Medical Retirement for Federal Workers: Preserving One’s Rights

Often, loss of vigilance occurs as a result of the relief of attaining something; once gotten, the fight to get it suddenly disappears, and the overwhelming sense of relief is likened to the response of a balloon which deflates upon a pinprick.

But vigilance is the key to ongoing success.  There is never a time to be nonchalant; to attain is merely another step in a process, and that process must be fought for just as diligently as during the time of fighting to reach a goal.

For Federal and Postal workers who are preparing to file, or who are in the process of filing, for Federal Disability Retirement benefits from the U.S. Office of Personnel Management, whether under FERS or CSRS, the goal of getting an approval from OPM for a Federal Disability Retirement is merely an intermediate step.  Once attained, the goal is to preserve and to protect.  Fortunately, that is a fairly simple matter — one of maintaining regular contact with one’s doctor; of making sure that one’s doctor will continue to support one’s case in the event that the Federal or Postal annuitant receives a medical questionnaire from OPM.

OPM disability retirement is not like OWCP; because you are allowed to work at other employment and make up to 80% of what your former job currently pays, there is normally nothing wrong with engaging in normal activities which would violate any rules (unlike OWCP cases, where investigators will often videotape individuals to show the engagement of activities contrary to medical restrictions, etc.).  But let not victory lead to lack of continuing vigilance; as that which was won can only be maintained with an attitude similar to keeping to the path which guided one to achieve the goal in the first place.

Sincerely,

Robert R. McGill, Esquire

USPS and Federal Civil Service Disability Retirement: Human Beings and Railroad Tracks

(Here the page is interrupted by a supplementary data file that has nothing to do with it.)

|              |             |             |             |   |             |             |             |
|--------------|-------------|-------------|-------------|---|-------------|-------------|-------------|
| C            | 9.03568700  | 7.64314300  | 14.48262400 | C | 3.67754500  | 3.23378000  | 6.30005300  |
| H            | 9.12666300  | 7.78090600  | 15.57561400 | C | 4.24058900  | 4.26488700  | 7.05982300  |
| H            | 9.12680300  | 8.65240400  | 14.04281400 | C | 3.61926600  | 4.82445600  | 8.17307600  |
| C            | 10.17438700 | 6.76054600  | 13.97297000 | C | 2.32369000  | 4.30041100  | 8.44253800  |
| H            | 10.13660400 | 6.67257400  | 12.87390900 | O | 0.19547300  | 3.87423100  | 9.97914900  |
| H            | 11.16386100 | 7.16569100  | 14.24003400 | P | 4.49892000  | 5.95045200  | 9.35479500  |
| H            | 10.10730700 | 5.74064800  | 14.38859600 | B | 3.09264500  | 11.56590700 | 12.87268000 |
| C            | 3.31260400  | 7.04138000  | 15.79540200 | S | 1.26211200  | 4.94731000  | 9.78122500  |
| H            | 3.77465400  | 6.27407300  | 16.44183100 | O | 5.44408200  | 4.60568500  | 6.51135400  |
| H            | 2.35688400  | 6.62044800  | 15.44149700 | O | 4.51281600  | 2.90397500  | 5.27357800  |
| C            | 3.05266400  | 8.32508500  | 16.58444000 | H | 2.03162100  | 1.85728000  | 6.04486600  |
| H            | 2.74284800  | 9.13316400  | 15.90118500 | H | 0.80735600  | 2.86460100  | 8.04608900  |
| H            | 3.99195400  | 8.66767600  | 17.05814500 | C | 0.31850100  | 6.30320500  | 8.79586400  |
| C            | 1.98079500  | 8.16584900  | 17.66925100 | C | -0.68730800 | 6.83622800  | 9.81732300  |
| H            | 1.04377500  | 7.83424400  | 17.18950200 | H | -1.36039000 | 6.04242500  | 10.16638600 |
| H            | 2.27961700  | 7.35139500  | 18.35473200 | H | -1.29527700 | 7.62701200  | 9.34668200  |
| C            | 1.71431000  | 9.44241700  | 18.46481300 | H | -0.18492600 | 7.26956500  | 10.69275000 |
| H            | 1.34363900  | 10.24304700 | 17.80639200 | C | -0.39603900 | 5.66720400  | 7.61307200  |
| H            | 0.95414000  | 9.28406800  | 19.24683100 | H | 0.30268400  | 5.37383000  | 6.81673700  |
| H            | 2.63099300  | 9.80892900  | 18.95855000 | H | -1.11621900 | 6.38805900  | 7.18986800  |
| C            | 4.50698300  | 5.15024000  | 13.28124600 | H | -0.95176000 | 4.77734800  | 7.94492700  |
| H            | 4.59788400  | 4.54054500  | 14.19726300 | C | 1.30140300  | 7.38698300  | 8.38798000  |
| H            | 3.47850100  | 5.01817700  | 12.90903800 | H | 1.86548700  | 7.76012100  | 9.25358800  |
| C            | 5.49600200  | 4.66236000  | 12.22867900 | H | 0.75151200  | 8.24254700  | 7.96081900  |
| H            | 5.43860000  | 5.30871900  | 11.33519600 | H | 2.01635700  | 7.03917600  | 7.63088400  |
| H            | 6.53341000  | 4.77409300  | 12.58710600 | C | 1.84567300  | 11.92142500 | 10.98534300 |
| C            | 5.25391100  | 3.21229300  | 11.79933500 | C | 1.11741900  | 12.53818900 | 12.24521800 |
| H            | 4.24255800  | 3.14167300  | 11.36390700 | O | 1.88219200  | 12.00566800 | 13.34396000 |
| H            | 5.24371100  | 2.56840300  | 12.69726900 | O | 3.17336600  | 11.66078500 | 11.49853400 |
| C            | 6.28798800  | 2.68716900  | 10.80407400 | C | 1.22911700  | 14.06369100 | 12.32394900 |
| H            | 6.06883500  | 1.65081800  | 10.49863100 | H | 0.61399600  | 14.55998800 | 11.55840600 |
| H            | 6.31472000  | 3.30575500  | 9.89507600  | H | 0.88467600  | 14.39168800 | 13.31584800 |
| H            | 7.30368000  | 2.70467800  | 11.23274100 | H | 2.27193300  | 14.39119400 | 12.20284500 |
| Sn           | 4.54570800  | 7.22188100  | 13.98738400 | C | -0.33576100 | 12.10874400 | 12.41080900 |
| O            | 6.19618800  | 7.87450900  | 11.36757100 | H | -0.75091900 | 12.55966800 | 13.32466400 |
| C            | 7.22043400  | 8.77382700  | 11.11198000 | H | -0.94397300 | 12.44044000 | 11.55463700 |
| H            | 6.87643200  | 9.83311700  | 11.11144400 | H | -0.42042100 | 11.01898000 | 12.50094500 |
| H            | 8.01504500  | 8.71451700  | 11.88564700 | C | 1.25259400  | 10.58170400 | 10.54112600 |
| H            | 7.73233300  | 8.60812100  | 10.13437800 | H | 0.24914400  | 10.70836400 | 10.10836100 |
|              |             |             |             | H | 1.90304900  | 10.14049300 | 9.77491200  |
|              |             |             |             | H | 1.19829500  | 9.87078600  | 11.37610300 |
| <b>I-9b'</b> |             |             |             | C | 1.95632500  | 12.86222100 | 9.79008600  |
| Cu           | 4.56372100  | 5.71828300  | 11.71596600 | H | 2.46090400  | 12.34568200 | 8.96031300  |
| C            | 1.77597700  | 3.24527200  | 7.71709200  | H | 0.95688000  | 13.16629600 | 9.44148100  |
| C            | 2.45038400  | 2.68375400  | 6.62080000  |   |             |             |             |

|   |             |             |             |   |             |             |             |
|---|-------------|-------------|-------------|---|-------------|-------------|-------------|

The metaphor of trains and railroad tracks are numerous and infinite in their applicability and relevance:  train wrecks; inability to stop; actions which proceed with a directional course towards a cliff; predetermined path of existence; and many others, some which invite ontological and teleological issues concerning free will and the ability to have an omniscient vantage point.

For Federal and Postal employees who are suffering from a medical condition such that the medical condition(s) impacts one’s ability/inability to perform all of the essential functions of one’s job, the analogy to a train ride is quite accurate.  For, the course of one’s career is often one which is set at the very beginning — an upward trajectory with expected grade-promotions and regular step increases; a sense of working for an agency with a mission, a purpose, and (perhaps most importantly) a steady paycheck.  But a pre-set course has a disadvantage:  a track from which one cannot stray; yet, if continuing onward, a certainty for a collision, headlong into subpar performance evaluations, a PIP, disciplinary actions, and potential terminations.

A train wreck waiting to happen.

About the go over that proverbial cliff.  Federal Disability Retirement is a benefit available for all Federal and Postal workers, whether under FERS or CSRS, if you meet the minimum eligibility requirements.  Fortunately, humans are not trains; free will and the ability to change course in life is an innate potentiality of the human soul.  But free will, in order to have any effect, must be acted upon.  Mere thought is not the same as action; it is, ultimately, human action which leads to change.  Just some thoughts to ponder.

Sincerely,

Robert R. McGill, Esquire